Stuck on Acupuncture, Part 2

By Riva Preil

Pelvic Pain Disorders consist of a wide range of problems that affect multiple facets of a person’s quality of life. Since acupuncture works on many levels simultaneously, many of these problems can be addressed in a single session.

From a symptomatic point of view, many of the problems that manifest as pelvic floor dysfunction are common ailments that are regularly treated by acupuncture. Problems such as incontinence, pelvic pain, IBS, vulvodynia, interstitial cystitis, genital pain, urinary or bowel burning, frequency or retention, constipation, and diarrhea are routine ailments treated by acupuncturists.

Pelvic Floor Dysfunction has an integral relationship with the structure of the musculoskeletal system. In some patients, problems in the musculoskeletal system can be the underlying origin of their complaint. Tight or weak muscles and/or structural misalignments create imbalances in muscle tone which then lead to further postural asymmetries. Trigger points in the abdomen, iliopsoas and external oblique muscles cause vaginal, labial and groin pain as well as constipation.  Tightness of the quadratus lumborum can cause internal pelvic pain, pain with intercourse, pain in the perineum, testicular and genital pain and well as cause constipation or diarrhea.  Hamstring tightness can create pain in the obturator internus.  Tight adductors refer pain to the groin, and piriformis and gluteal muscle tightness can compress the pudendal nerve. When the trigger point is “dry needled” by acupuncture, this mechanically disrupts the integrity of the dysfunctional endplates within the trigger area, and results in mechanical and physiological resolution of the trigger points.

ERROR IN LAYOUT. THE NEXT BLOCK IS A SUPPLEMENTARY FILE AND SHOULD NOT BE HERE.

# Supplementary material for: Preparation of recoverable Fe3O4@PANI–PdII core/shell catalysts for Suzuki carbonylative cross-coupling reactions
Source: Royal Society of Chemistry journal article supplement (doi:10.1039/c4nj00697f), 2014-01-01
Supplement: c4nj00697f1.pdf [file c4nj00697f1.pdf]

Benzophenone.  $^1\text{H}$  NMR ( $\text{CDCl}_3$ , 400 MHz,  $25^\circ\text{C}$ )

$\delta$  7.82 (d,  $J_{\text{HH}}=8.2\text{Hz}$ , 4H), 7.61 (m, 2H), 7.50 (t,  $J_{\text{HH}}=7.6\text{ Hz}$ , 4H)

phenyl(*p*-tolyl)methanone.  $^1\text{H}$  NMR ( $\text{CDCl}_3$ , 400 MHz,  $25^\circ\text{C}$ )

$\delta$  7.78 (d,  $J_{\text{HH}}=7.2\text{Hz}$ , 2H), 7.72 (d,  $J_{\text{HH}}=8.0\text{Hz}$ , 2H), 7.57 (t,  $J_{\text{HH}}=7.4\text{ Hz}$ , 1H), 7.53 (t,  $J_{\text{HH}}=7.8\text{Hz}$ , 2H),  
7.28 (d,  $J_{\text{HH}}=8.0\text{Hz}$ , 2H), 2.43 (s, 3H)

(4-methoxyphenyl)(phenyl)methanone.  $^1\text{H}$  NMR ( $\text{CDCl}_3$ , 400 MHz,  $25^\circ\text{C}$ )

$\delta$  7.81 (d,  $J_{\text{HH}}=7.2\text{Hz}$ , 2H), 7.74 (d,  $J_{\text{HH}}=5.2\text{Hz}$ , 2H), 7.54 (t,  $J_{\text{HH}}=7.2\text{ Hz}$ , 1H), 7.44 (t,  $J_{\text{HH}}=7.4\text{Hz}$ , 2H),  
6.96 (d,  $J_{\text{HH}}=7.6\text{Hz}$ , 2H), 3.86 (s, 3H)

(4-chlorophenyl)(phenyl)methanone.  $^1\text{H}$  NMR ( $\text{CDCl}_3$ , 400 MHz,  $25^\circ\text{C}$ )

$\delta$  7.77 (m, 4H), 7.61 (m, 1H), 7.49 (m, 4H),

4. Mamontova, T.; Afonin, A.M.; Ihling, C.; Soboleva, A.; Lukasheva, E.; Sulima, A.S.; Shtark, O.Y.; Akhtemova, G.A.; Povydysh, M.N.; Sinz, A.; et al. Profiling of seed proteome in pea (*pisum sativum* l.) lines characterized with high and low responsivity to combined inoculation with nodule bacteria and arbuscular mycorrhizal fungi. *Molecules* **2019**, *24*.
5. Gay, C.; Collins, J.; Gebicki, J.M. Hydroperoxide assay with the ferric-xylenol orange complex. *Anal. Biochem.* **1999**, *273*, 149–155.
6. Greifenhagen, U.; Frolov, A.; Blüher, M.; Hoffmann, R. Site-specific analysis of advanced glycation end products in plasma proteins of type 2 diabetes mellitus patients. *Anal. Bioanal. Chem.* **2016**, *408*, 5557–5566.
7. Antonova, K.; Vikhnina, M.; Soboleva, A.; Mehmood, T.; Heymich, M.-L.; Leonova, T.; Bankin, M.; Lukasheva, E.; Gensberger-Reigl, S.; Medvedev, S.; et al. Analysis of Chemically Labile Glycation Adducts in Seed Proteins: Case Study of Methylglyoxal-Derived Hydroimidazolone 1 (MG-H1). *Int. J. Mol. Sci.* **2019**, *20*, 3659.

Furthermore, according to the traditional Chinese meridian theory, the external and internal genitals are traversed by a number of channels: the Liver or Foot Jueyin channel, the Spleen or Foot Taiyin channel, and the Kidney or Foot Shaoyin channel. Thus both internal and external genital pain can be accessed from reflex points along these channels. Points along the shin, at the ankle and on the medial knee can be used to decrease both genital pain and pain in the perineum.

A treatment regime consisting of regular acupuncture treatments in combination with Physical Therapy is the ideal approach for chronic pelvic floor dysfunction.

Adapted from material by Paula Haberman, PT, L.Ac

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